U.S. government buys its first electric vehicles


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The federal government handed over the keys to a handful of electric vehicles it purchased Tuesday. The 116 cars -- a mixture of Chevrolet Volts, Nissan Leafs and Think Cities -- are the first electric vehicles to be purchased by the U.S. government for the federal fleet. They will be distributed to 20 agencies, including the U.S. Department of Energy and Department of Defense, in five cities across the country.

The EV program launched Tuesday ‘is the next big step’ in the government’s adoption of advanced vehicle technologies, said Martha Johnson, administrator of the U.S. General Services Administration, which purchases vehicles for federal agencies. ‘It furthers the administration’s goal of putting 1 million advanced vehicles on the road by 2015 and it represents a significant targeted investment in the next generation of automotive technology.’


The 116 electric vehicles the GSA purchased will save 29,000 gallons of gas, reduce greenhouse gas emissions by 260 tons and save taxpayers more than $109,000 every year, Johnson added. To complement the EVs, the GSA is also installing electric vehicle charging stations at federal buildings in five cities.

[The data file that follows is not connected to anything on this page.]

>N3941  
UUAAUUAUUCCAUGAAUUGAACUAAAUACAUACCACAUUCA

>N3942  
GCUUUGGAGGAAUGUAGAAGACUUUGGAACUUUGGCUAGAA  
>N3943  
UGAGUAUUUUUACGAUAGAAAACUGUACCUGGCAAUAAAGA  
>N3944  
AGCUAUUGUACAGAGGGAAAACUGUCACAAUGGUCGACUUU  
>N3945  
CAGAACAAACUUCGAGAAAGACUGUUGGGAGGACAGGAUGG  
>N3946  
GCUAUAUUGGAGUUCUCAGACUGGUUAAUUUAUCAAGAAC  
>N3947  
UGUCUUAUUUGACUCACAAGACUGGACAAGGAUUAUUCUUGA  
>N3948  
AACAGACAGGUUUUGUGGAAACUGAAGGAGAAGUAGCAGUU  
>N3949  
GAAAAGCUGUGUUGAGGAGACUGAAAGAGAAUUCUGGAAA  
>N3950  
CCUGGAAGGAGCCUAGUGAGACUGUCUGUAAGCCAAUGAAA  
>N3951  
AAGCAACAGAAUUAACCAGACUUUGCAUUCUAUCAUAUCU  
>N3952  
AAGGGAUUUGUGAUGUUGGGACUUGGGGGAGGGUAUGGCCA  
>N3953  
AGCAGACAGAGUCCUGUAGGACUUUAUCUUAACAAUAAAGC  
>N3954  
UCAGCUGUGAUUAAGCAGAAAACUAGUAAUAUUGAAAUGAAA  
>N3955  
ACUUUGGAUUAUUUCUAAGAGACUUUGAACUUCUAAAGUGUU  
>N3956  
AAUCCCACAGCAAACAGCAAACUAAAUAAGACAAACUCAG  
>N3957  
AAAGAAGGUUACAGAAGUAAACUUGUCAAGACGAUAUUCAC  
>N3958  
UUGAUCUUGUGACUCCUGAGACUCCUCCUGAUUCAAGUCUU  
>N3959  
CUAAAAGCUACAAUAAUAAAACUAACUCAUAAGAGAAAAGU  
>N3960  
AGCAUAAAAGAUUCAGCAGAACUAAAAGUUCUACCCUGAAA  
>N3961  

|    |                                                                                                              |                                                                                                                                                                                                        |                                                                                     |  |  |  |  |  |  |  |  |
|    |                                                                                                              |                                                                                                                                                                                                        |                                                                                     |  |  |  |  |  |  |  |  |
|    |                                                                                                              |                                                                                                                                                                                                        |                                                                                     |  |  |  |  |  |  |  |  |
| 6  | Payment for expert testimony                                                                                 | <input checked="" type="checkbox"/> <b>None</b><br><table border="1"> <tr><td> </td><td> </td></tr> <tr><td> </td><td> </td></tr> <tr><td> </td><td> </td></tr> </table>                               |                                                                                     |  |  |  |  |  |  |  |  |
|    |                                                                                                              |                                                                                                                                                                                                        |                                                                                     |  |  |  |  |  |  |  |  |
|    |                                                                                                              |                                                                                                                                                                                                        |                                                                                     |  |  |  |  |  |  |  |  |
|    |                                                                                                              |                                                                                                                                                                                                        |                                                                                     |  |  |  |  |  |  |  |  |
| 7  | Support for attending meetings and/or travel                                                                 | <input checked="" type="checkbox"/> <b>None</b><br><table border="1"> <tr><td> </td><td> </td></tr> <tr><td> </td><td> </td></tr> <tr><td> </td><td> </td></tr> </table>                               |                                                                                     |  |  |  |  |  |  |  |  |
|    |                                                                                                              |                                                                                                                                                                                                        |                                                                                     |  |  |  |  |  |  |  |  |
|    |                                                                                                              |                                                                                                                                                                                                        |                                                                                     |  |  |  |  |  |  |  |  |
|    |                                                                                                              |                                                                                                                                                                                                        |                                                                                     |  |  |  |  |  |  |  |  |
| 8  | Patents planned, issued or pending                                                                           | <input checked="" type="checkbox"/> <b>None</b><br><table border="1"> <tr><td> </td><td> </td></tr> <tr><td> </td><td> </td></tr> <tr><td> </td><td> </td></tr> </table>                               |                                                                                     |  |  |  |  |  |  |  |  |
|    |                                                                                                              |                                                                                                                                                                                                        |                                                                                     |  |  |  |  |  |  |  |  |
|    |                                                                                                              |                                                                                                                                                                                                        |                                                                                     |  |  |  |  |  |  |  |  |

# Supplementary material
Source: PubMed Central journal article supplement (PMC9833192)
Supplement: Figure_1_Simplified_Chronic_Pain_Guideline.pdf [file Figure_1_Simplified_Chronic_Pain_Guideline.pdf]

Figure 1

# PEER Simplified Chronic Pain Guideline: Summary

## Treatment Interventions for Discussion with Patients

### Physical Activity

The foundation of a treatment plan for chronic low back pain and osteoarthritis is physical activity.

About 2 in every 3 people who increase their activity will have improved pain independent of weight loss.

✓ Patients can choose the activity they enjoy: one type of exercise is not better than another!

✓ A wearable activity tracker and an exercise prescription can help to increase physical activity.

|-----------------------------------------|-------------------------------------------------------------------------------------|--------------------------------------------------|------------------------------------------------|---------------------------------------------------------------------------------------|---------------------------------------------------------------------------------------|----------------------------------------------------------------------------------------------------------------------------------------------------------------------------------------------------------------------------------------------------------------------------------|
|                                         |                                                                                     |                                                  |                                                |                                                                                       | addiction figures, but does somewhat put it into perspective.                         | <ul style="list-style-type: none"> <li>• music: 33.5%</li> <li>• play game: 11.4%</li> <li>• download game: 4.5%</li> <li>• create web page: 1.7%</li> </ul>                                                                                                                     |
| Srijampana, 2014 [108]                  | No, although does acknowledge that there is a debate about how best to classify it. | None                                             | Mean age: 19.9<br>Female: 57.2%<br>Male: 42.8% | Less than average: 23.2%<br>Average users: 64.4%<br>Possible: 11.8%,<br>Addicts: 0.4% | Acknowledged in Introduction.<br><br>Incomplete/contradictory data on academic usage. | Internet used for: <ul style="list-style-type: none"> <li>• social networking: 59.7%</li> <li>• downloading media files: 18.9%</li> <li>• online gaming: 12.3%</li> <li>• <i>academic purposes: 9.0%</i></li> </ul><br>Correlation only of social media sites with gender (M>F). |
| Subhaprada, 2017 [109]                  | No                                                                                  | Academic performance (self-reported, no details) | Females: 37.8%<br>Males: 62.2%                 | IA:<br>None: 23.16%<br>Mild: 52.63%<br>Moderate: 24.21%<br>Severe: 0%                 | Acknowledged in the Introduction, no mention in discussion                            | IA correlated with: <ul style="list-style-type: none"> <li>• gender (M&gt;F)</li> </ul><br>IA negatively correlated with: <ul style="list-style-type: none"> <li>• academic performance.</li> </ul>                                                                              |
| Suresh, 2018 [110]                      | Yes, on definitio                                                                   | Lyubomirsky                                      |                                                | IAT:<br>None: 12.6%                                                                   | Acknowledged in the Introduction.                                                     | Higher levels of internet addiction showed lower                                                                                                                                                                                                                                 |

The U.S. government operates the largest vehicle fleet in the country. Its EV purchase represents an embrace of President Obama’s directive that federal government lead the country by example, deploying smart and sustainable management practices that save taxpayer money, said Nancy Sutley, chair of the White House Council on Environmental Quality.

Transportation, which makes up two-thirds of U.S. oil use, accounts for as much as one-third of the nation’s greenhouse gas emissions, according to the Department of Energy.

‘Instead of spending $1 billion a day to import oil, we need to invest in U.S. innovation,’ said Department of Energy Secretary Steven Chu, speaking at an event outside DOE headquarters in Washington, D.C.

Chu said the DOE replaced 750 of its vehicles last year with more fuel-efficient hybrids. The DOE is receiving 14 of the new electric vehicles from the GSA.

‘We are in a global race to capture the growing market for alternative vehicle technologies,’ Chu said. ‘Many other countries around the world recognize that in the coming years and decades, electric vehicles will become a major part of our transportation infrastructure, and we want to make sure the U.S. is poised to capture that leadership.’



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-- Susan Carpenter